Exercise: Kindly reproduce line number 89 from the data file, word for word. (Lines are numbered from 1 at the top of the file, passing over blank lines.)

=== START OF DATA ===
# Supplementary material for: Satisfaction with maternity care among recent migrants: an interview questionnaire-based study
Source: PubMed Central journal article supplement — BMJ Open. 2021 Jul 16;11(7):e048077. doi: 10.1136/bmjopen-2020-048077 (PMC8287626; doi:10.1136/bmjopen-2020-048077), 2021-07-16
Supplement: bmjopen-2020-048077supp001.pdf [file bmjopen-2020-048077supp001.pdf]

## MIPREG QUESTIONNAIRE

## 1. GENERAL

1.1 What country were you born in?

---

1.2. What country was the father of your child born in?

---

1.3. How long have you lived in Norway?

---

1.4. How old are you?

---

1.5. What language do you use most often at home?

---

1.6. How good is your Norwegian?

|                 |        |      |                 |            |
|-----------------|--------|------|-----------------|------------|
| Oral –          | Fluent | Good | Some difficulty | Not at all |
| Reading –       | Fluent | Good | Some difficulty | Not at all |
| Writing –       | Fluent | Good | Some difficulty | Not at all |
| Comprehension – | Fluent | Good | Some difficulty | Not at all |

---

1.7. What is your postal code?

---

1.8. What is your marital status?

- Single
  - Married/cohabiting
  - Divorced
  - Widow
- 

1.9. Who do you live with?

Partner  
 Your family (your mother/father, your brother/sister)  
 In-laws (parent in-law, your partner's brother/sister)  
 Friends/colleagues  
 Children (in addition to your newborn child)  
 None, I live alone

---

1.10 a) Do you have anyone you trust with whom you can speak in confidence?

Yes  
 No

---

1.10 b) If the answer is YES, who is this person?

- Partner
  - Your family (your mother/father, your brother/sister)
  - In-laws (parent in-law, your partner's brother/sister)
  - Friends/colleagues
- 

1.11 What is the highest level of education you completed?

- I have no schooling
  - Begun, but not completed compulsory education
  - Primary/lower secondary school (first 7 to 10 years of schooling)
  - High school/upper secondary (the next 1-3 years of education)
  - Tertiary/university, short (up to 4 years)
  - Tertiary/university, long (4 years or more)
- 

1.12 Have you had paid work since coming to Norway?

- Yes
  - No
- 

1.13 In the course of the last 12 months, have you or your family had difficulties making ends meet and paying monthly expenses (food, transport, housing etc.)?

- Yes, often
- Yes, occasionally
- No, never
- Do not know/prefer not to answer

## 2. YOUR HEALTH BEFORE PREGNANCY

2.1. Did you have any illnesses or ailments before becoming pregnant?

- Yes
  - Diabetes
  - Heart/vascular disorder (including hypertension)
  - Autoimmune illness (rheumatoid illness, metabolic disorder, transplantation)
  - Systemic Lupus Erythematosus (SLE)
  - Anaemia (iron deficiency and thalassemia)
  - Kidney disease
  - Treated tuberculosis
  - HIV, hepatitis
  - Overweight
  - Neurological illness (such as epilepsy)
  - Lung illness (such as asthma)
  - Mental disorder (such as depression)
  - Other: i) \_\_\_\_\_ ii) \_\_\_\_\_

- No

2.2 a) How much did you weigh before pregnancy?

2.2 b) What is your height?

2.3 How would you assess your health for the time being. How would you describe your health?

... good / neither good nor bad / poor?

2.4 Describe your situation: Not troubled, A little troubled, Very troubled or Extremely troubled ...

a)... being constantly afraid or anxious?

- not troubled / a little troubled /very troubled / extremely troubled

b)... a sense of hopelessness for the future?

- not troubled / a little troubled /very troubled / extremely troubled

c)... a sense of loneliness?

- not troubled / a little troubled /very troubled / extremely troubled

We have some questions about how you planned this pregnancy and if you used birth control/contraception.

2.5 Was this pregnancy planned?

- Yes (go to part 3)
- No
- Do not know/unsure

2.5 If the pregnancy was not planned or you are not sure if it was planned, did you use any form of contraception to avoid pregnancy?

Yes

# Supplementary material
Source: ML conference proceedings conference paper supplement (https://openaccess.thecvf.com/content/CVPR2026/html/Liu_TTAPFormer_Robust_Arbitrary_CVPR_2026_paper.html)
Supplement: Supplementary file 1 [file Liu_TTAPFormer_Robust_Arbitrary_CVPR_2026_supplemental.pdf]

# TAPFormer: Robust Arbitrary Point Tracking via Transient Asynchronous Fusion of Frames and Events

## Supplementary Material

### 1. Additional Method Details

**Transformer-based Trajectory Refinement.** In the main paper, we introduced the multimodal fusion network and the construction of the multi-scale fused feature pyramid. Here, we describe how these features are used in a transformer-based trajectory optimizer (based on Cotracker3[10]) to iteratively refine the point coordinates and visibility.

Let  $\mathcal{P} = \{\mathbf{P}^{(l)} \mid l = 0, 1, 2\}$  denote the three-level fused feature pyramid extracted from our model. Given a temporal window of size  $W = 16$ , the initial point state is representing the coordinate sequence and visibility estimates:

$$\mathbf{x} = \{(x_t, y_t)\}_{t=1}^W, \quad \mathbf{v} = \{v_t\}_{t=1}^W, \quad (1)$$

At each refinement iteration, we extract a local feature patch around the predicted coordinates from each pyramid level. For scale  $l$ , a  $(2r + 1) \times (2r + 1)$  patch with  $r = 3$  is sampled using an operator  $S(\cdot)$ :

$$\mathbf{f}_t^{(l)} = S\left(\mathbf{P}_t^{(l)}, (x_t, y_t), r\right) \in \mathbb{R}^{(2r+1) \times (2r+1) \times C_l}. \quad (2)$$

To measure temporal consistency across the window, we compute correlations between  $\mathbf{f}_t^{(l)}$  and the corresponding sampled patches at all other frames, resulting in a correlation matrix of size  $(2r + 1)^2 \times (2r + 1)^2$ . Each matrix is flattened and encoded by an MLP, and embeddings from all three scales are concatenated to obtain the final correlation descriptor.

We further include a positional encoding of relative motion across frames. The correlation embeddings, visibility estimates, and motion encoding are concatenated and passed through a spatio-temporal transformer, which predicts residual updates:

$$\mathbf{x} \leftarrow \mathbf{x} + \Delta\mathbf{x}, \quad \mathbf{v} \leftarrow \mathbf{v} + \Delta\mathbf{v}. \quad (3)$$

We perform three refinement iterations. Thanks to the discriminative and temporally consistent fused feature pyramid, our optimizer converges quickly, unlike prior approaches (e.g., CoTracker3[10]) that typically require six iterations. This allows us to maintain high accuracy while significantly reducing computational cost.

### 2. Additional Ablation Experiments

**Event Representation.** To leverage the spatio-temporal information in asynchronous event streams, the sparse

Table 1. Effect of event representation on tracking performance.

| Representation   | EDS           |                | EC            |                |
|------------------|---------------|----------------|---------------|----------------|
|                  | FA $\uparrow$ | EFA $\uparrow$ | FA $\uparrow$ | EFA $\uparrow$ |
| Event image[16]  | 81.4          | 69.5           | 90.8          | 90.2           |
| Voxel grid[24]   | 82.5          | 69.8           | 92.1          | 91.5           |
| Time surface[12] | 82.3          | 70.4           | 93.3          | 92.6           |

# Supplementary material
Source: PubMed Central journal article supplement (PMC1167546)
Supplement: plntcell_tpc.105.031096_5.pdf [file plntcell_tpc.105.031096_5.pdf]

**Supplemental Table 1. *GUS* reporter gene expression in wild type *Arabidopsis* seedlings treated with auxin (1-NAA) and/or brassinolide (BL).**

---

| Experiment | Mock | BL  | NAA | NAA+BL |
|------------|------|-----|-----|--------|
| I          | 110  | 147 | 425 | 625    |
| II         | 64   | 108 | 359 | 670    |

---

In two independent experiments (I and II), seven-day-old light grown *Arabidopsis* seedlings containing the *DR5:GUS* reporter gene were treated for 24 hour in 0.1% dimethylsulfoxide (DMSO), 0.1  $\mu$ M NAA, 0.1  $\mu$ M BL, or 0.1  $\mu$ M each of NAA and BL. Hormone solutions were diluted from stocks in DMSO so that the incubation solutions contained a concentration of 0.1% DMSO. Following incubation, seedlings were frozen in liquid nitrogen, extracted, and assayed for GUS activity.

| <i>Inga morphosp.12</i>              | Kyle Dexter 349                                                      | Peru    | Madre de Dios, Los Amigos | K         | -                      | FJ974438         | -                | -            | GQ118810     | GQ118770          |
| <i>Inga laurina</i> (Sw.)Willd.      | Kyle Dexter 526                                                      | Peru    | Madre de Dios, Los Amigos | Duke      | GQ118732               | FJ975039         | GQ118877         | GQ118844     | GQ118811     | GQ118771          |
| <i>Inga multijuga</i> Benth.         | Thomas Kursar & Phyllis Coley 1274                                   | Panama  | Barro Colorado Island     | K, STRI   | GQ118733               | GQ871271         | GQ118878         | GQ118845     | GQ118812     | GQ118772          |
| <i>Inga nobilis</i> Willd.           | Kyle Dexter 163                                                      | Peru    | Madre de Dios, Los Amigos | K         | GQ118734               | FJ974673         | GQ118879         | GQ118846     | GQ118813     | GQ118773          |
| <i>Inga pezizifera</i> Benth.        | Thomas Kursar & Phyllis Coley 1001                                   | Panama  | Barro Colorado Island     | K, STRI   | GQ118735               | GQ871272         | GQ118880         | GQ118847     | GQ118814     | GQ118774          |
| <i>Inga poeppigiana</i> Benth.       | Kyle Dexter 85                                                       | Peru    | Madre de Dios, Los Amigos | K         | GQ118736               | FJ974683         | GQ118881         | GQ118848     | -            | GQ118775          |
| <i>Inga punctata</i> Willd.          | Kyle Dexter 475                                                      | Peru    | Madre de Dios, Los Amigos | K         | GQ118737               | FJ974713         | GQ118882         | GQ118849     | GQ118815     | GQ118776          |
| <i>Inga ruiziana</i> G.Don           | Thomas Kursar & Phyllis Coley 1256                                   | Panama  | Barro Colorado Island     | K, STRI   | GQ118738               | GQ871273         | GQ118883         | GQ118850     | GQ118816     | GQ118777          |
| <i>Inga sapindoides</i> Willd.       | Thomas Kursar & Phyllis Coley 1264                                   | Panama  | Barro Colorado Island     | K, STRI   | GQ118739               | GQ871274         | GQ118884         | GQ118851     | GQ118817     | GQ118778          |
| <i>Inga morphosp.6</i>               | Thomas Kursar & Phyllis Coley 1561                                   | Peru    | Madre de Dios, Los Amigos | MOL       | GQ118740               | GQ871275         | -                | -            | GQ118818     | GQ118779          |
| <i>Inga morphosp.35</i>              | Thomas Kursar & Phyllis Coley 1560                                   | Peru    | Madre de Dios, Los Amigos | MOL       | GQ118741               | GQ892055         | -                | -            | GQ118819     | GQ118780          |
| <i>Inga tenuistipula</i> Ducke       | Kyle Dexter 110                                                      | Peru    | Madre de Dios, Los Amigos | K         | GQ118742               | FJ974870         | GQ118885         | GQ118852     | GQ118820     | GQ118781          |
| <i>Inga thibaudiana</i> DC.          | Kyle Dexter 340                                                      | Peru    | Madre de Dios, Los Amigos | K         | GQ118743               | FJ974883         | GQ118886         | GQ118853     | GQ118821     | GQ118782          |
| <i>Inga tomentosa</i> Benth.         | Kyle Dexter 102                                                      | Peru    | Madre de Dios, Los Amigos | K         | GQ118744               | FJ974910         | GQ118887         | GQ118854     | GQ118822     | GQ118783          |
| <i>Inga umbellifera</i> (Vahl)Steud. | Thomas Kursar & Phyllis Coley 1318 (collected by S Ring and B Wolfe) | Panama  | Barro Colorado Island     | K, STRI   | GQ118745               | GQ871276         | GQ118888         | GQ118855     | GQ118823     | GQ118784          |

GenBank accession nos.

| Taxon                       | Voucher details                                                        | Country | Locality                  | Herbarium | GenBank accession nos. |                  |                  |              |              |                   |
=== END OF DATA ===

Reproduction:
a)... being constantly afraid or anxious?